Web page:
Kelly McCaughan’s Catholic Guilt, a solo show running at West Philly’s Calvary Center for Culture and Community, is a reminder that you can quit going to church, but you never lose that chapel muscle memory.
Today, when I must attend church for family functions, I take a seat as near to an exit as I can, because dropping into the pews makes my throat tighten. Interesting architecture or a window makes it easier to bear. McCaughan can probably relate.
She draws the audience into the Masses that steeped her childhood and teenage years in Pittsburgh. She performs on a small chancel, with peeling white paint and a dome of evening-dark stained glass overhead. We sit, stand, sit, stand, recite, and kneel on cue. It takes me right back.
“Deliberate impure thoughts”
With endearing vulnerability, commitment, and candor, McCaughan offers a primer on growing up Catholic in the ‘80s and ‘90s. She covers everything from elementary-school lessons on hellbound mortal sins to teenage sexual fantasies about the oddly appealing figure on the cross.
There’s the magical First Communion gown and the weirdness of lace-festooned little girls, mouths agape for the wafer. (“Jesus’s body is in my body?!”) McCaughan recounts a dance-floor-grinding incident at her “cosmic bowling” youth group (including a letter to the parents of all involved), and her first attempt at masturbation, at age 14, before realizing Jesus was watching.
We, the congregation, engage in several heartfelt prayers, including for the “teachers who have no choice but to blame their rancid stress farts on the children.”
Making a stranger of your own voice
I wasn’t raised Catholic, but I might as well have been. I grew up in a small and somewhat wacky faith based on the Bible plus the voluminous late-18th-century theological works of Swedish scientist and philosopher Emanuel Swedenborg.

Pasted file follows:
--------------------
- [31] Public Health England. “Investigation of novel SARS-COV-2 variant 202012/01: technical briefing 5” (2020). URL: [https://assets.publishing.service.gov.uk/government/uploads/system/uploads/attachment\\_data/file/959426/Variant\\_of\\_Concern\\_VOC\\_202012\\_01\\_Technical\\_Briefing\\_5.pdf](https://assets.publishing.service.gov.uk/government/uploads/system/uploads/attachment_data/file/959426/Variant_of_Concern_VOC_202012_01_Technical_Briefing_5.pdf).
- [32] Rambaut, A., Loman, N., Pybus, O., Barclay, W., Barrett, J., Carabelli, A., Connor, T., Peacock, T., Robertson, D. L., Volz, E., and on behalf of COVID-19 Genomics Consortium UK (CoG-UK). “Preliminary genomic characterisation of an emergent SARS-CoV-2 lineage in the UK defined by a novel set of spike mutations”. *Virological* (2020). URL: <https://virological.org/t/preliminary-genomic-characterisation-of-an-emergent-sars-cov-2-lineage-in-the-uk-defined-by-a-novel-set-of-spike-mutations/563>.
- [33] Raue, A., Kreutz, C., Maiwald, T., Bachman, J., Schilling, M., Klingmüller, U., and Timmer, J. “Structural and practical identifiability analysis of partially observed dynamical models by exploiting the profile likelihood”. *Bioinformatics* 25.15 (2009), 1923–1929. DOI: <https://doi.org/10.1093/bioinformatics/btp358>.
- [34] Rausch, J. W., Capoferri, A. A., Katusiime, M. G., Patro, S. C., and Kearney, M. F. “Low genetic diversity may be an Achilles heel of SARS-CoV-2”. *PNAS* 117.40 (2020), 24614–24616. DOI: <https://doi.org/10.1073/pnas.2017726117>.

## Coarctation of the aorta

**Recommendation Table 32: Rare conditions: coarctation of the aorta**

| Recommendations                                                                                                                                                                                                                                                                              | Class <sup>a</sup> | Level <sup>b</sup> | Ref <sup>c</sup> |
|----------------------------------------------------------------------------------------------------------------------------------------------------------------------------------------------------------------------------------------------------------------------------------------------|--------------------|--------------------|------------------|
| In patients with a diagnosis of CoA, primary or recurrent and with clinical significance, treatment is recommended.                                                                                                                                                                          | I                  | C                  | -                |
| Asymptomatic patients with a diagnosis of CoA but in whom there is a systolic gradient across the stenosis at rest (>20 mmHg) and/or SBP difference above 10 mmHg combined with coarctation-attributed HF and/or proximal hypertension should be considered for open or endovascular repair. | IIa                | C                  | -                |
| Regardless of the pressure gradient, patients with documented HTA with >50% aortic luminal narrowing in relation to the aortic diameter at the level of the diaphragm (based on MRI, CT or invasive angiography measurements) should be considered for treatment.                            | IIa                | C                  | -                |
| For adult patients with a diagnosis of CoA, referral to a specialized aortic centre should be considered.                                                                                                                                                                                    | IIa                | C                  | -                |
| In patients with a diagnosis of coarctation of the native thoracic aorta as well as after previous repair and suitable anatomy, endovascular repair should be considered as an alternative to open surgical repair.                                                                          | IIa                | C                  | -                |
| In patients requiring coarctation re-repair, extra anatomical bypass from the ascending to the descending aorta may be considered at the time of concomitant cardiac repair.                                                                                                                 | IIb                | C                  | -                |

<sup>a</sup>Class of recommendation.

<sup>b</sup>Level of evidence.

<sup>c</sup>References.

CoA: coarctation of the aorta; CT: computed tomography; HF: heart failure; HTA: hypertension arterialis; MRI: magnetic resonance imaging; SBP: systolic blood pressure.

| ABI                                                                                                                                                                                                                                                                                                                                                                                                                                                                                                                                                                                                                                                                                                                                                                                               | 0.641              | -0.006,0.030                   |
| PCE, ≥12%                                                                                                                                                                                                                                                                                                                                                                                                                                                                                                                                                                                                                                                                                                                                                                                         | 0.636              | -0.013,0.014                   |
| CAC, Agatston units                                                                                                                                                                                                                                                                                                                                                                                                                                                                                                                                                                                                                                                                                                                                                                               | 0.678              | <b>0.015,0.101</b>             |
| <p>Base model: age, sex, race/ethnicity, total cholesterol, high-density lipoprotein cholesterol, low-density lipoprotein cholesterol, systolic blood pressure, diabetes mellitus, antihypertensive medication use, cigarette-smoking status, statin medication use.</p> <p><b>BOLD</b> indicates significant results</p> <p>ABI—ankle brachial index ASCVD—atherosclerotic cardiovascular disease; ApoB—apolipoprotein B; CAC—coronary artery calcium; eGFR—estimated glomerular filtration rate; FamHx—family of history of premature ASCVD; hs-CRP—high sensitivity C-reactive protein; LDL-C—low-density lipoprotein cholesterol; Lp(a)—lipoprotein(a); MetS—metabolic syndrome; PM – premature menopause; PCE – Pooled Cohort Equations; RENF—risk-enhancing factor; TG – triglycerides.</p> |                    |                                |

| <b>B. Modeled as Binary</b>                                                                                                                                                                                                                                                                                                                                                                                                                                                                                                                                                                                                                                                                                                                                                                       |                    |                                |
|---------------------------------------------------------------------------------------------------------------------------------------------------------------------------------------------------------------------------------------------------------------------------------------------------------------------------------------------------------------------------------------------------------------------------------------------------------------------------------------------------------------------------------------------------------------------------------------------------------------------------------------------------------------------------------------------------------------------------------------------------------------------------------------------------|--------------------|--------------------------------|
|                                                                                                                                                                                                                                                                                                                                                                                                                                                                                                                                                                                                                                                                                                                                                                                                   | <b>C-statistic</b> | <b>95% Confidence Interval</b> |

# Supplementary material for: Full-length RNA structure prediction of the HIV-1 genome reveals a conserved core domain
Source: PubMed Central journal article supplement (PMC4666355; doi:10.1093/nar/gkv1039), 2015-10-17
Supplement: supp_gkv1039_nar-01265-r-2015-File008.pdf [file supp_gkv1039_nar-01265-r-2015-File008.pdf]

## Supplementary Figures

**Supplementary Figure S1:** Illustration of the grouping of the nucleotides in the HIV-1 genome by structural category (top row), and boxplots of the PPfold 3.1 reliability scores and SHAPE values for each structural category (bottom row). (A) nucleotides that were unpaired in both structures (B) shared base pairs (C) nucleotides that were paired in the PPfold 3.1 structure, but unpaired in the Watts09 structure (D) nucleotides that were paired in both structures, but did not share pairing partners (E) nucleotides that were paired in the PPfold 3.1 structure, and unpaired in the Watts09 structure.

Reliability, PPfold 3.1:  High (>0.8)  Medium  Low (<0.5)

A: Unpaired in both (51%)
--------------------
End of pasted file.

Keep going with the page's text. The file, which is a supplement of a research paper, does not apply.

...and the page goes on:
Swedenborgians have a eucharistic ceremony they call “Holy Supper,” but fortunately their attachment to the wine and wafers is purely symbolic. I never had to wrestle with notions of magically cannibalizing bits of Jesus.
But Swedenborgians do have some wildly specific visions of the afterlife. They also have repressive ideas on women, sex, and marriage that would make any Catholic bishop proud.
McCaughan recount the crisis of faith she experienced after taking an Eastern philosophy class during her sophomore year of college at Indiana University of Pennsylvania. It was as if someone else was trying to speak to her inside of her own mind. “That ‘someone else’ was my own voice,” she recalls, a voice she had never been allowed to hear. It was a “devastating” and “terrifying” discovery.
The performance runs swiftly, at about an hour. Under director Carly L. Bodnar, the use of humorously ruminative voiceovers adds texture to McCaughan’s physical performance, which seamlessly involves the audience in some of Catholicism’s more anxiety-inducing rituals. Chancel projections (thanks to technical director James Jackson) offer real glimpses of McCaughan’s school days, from First Communion to the junior-high luau to dorm-room hijinks.
What do we believe?
McCaughan’s language makes you wonder whether Catholicism is a practice or an identity (or whether she isn’t as far from her faith as she professes herself to be). In Catholicism, she says, “we believe.” Where does the artist fall inside that “we?”
She also holds onto some easy shorthand around sex for women, referring to losing her virginity and many “walks of shame” in college — terms with rather poisonous resonance for a truly sex-positive perspective.
After the show, McCaughan, 31, told me she’s been developing this solo performance for two years; reclaiming her own life from religious dogma hit her hard.
Despite its intense roots, this show keeps it fairly breezy, playing the inevitable sexual shame and tribulations mostly for laughs. But I know from personal experience that walking away from your family’s faith isn’t simple: If nothing else, the emotional rituals of weddings and funerals call you back to the altar alongside the people who never lost faith. Anyone who overcomes the categorical strictures of a paternalistic religion faces her own traumas of stunted sexuality and, in many cases, a wholly denied self.
Catholic Guilt still feels like a work in progress, with an overly quick and comfortable resolution. If McCaughan ever wanted to take a deeper dive into the work, I’d join her congregation.